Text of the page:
Shame on those who embrace violence as an answer to what ails America for not taking responsibility for their part in contributing to an environment that is growing increasingly tense with every new shooting. It’s a vicious cycle in which the police are becoming more hypersensitive, twitchy and quick to shoot at the slightest provocation, and the populace is growing more fearful, outraged and unconvinced that if they “just obey,” all will be fine.

Shame on the religious community for not taking responsibility for its deafening silence in the face of what can only be termed evil, despite its historic lineage of dissenters such as Jesus, Gandhi, Martin Luther King Jr. who dared to speak truth to power.

Shame on white Americans, black Americans, brown Americans and every other skin tone in between for not taking responsibility for their part in allowing racism, prejudice and bigotry to dictate justice in America.

And shame on so-called “patriotic” Americans who equate good citizenship with blind obedience to government authority and adulation of the military for not taking responsibility for holding their government officials accountable to the nation’s founding principles. Remember, “we the people” were entrusted with the power to make and unmake the government whenever it ran afoul of its primary purpose, which is to protect our lives, freedoms and property.

Clearly, there’s more than enough blame to go around, but the real question is what can “we the people” do about it? What can average Americans do to stay alive and counter the violence being inflicted on our communities? What can you do to push back against the power of the police state?

For starters, let’s all agree that violence can never be the answer. Violence will only give rise to more violence.

Stop buying into the “us vs. them” rhetoric being pushed by politicians, police unions and those who use the race card as a justification for bloodshed. No matter what color your skin is, what politics you subscribe to, how much money you’ve got, whom you love, where you live, whom you worship, what school you attend, where you work, or any other superficial label that is used to divide us: we all bleed red.

Put your prejudices behind you and stop dealing in stereotypes. Not all police are bloodthirsty. Not all young black men are thugs. Not all people who challenge government authority want anarchy.

In a police state, you’re either the one with your hand on the trigger or you’re staring down the barrel of a loaded down. In other words, we’re all in this together. The oppression and injustice—be it in the form of shootings, surveillance, fines, asset forfeiture, prison terms, roadside searches, etc.—will come to all of us eventually.

Stop allowing yourself the luxury of distraction and the sin of neutrality. These things happen—the madness and the mayhem—because good people stood by and did nothing.

The only real power we have to push back against the police state is as a unified body.

So what can you do on a practical level?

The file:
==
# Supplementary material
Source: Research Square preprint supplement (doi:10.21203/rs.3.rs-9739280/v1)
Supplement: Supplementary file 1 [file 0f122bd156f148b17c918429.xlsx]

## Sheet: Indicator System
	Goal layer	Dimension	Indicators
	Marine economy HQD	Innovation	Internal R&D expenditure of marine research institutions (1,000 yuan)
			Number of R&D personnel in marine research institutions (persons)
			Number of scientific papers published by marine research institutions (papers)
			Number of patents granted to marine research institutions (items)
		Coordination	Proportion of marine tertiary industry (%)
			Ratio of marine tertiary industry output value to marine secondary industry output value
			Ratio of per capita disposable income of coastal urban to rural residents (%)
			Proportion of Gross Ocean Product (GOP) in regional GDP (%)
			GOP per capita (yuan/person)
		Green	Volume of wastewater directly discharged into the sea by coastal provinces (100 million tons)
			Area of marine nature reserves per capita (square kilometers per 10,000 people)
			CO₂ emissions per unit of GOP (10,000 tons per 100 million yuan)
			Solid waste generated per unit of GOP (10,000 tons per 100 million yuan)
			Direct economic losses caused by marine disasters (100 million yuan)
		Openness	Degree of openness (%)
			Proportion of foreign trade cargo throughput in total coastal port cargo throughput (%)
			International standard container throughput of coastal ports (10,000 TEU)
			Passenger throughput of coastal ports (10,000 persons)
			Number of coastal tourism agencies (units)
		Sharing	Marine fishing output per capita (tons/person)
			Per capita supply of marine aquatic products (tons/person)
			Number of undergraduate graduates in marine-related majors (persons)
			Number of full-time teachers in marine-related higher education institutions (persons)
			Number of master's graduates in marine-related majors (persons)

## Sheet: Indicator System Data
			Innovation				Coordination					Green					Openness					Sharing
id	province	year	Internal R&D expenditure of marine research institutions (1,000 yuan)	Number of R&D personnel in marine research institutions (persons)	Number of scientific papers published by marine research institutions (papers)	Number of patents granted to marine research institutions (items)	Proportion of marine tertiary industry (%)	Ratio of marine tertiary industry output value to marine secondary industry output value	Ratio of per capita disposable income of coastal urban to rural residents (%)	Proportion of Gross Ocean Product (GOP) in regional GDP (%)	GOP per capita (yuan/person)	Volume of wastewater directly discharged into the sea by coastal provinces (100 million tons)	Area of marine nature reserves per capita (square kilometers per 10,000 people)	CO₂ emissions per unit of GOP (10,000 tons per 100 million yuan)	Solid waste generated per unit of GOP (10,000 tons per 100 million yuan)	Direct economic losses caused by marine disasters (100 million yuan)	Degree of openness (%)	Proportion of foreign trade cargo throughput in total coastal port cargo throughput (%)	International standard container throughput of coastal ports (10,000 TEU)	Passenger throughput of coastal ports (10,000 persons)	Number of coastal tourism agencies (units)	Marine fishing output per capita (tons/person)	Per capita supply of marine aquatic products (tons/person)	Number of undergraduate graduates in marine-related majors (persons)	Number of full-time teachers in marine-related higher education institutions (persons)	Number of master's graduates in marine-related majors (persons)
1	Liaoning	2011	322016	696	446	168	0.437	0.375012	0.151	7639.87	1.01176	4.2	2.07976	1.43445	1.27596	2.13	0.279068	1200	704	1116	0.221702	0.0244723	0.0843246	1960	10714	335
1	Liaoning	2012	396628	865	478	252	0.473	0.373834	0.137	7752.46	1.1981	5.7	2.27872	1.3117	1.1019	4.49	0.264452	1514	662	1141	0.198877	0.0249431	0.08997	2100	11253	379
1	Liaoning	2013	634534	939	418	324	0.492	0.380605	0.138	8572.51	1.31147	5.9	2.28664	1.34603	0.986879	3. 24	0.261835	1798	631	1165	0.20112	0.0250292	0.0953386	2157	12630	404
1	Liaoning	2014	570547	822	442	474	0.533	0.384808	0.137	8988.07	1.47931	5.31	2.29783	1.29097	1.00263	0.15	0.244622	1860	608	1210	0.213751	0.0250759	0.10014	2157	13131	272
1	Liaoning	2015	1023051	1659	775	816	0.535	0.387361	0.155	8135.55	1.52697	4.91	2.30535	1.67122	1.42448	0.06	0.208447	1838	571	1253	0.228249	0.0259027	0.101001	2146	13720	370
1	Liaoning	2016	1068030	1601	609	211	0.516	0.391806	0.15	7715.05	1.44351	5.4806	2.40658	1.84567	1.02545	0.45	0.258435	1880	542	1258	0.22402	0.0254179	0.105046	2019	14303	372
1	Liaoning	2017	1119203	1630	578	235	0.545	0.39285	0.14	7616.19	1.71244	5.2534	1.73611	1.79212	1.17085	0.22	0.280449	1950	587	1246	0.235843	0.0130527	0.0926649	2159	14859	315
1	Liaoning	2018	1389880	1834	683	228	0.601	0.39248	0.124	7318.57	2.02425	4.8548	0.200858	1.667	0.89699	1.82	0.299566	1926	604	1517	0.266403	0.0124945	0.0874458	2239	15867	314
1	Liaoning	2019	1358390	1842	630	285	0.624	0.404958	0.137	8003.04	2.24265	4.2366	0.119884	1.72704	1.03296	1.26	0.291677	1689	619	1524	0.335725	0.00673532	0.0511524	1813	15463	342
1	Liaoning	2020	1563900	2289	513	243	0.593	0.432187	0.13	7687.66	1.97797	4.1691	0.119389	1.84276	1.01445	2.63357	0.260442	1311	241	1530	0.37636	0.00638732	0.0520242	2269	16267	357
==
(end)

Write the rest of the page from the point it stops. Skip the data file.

For starters, find common ground on the issue of gun control, especially as it pertains to government agents. Demilitarize the police. It’s worked in other countries.

Demand that police be held financially responsible for official misconduct.

Put your taxpayer dollars to work for you instead of against you for a change. Tell your elected representatives to stop investing in militarization, wars and weaponry that will only be used against you eventually. Instead, apply the same funds being wasted on endless wars abroad on badly needed infrastructure here at home. By putting more Americans to work rebuilding our communities and our economy, we’ll also strike at the heart of the poverty that drives crime.

Get informed about the workings of government. Get outraged about the corruption that has rotted our republic from the core. Get vocal about the need for transparency, accountability and reform. There are so many issues in need of attention. Pick just one to start with and raise hell about it. For instance, why has the government been spending three times more on jails and prisons than schools for the past 30 years?

Finally, take it upon yourself to interfere. Pay attention to what’s going on around you. Use those cell phones that are never far from your side and record police interactions in order to hold them accountable to playing by our rules, the rules of the Constitution. Most important of all, take a stand for freedom and humanity. “Neutrality,” as Holocaust survivor Elie Wiesel reminded us, “helps the oppressor, never the victim. Silence encourages the tormentor, never the tormented. Sometimes we must interfere. When human lives are endangered, when human dignity is in jeopardy, national borders and sensitivities become irrelevant. Wherever men and women are persecuted because of their race, religion, or political views, that place must – at that moment – become the center of the universe.”

Reprinted with permission from the Rutherford Institute.


  • John W. Whitehead

    John W. Whitehead is an attorney and author who has written, debated and practiced widely in the area of constitutional law and human rights. Whitehead's concern for the persecuted and oppressed led him, in 1982, to establish The Rutherford Institute, a nonprofit civil liberties and human rights organization